At the meeting McCabe was told by Taylor that he, Taylor, had been conducting a smear campaign against McCabe while head of the Garda press office, that he had done so on the orders of Callinan, and that O’Sullivan had known about it. McCabe subsequently made a protected disclosure about the matter and so too then did Taylor (who had been told by McCabe that he was making one). Wallace and his colleague Clare Daly TD met both men at around this time.

On October 4th, Clifford, in the Examiner, reported that protected disclosures had been made by two (unidentified) members of the force, alleging a smear campaign and saying that O’Sullivan had known about it. The report was published around the same time as the disclosures were being received by the Department of Justice.

Speaking at the Charleton tribunal, Conor Dignam SC, for Garda Headquarters, said the editorial in the Irish Examiner that day included the following phrase: “Today’s revelations about an organised campaign driven by senior garda management to undermine a whistleblower”. This put the matter, Dignam said, as something that was being revealed, rather than alleged.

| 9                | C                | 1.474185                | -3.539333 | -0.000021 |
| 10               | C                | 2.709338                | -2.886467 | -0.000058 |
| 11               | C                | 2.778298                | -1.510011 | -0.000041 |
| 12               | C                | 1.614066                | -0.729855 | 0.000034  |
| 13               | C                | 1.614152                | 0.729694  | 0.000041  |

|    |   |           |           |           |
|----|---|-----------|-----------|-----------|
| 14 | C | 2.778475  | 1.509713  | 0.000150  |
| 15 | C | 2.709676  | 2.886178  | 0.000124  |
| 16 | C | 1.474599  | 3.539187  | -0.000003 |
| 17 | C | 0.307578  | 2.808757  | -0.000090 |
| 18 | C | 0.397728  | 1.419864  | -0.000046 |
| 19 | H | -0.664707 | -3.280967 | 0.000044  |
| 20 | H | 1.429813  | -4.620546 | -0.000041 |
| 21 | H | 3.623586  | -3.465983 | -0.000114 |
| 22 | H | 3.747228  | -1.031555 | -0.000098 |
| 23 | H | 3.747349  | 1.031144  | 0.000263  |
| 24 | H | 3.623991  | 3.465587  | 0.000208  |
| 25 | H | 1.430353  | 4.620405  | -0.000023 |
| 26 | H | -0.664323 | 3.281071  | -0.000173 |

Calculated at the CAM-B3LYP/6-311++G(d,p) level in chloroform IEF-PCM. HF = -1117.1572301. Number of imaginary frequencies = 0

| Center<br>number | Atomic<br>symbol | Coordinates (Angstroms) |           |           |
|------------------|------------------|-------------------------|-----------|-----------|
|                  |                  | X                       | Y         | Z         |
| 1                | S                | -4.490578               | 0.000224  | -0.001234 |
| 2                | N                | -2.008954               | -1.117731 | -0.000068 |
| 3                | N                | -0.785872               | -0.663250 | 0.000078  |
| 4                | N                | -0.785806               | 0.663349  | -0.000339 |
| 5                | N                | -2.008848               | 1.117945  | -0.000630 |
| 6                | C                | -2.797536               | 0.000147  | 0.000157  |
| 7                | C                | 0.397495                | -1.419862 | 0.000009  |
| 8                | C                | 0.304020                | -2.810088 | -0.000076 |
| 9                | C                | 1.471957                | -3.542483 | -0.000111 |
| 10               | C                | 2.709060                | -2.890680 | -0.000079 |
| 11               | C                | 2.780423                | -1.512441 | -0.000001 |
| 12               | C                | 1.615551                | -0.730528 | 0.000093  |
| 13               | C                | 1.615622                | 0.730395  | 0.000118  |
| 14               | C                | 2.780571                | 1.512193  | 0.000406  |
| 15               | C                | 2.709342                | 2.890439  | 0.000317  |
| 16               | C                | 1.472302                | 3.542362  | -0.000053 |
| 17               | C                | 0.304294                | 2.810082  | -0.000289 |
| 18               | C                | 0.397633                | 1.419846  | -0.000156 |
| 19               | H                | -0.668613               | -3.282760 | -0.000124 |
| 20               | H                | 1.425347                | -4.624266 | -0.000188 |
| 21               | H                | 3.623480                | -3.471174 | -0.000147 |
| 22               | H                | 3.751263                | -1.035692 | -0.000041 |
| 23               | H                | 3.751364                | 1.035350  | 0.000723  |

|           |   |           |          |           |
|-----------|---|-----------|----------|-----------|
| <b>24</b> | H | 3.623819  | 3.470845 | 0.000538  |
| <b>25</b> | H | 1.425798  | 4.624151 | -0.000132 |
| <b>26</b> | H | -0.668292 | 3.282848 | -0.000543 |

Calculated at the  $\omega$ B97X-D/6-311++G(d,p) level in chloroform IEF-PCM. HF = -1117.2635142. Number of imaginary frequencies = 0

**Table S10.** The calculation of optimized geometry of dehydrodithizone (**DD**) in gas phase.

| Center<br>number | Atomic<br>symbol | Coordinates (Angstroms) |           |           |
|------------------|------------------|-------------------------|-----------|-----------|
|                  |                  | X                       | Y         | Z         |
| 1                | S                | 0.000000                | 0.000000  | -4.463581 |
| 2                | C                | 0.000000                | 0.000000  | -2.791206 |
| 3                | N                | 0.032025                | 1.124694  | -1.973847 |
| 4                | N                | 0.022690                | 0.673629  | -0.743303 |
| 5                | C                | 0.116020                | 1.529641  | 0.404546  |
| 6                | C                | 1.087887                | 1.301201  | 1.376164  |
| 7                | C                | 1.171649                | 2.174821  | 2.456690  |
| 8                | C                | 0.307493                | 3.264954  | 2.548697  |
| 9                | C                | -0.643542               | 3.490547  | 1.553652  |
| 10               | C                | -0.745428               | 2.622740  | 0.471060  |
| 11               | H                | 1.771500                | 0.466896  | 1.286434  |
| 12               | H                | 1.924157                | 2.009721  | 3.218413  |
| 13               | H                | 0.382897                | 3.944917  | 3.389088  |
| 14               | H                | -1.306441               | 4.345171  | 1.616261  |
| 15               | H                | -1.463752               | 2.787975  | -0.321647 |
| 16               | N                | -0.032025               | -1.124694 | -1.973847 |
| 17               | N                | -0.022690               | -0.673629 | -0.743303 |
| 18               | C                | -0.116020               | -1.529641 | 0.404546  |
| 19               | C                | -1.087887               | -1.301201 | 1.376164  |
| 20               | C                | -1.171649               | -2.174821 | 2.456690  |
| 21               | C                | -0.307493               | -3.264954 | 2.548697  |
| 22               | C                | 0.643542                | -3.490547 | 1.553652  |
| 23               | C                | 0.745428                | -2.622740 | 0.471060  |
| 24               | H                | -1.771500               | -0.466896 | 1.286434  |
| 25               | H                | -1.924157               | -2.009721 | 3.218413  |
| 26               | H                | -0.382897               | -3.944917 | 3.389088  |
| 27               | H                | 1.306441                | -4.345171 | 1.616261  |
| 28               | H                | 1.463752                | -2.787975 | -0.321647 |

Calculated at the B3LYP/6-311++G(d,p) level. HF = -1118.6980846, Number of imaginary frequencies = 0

In the Dáil, Sinn Féin’s Mary Lou McDonald called for O’Sullivan’s resignation. Clare Daly did the same, saying: “The tánaiste and minister for justice and equality [Frances Fitzgerald] has . . . the protected disclosures of two senior gardaí outlining systematic, organised, orchestrated campaigns not just to discredit a whistleblower but to annihilate him, with the full involvement of the current and former Garda commissioners.”

It is worth noting that McCabe’s basis for making his claim was what he was told by Taylor, so there was in fact only one source for the serious allegations against O’Sullivan and Callinan, something which was known to Daly, who had met both men.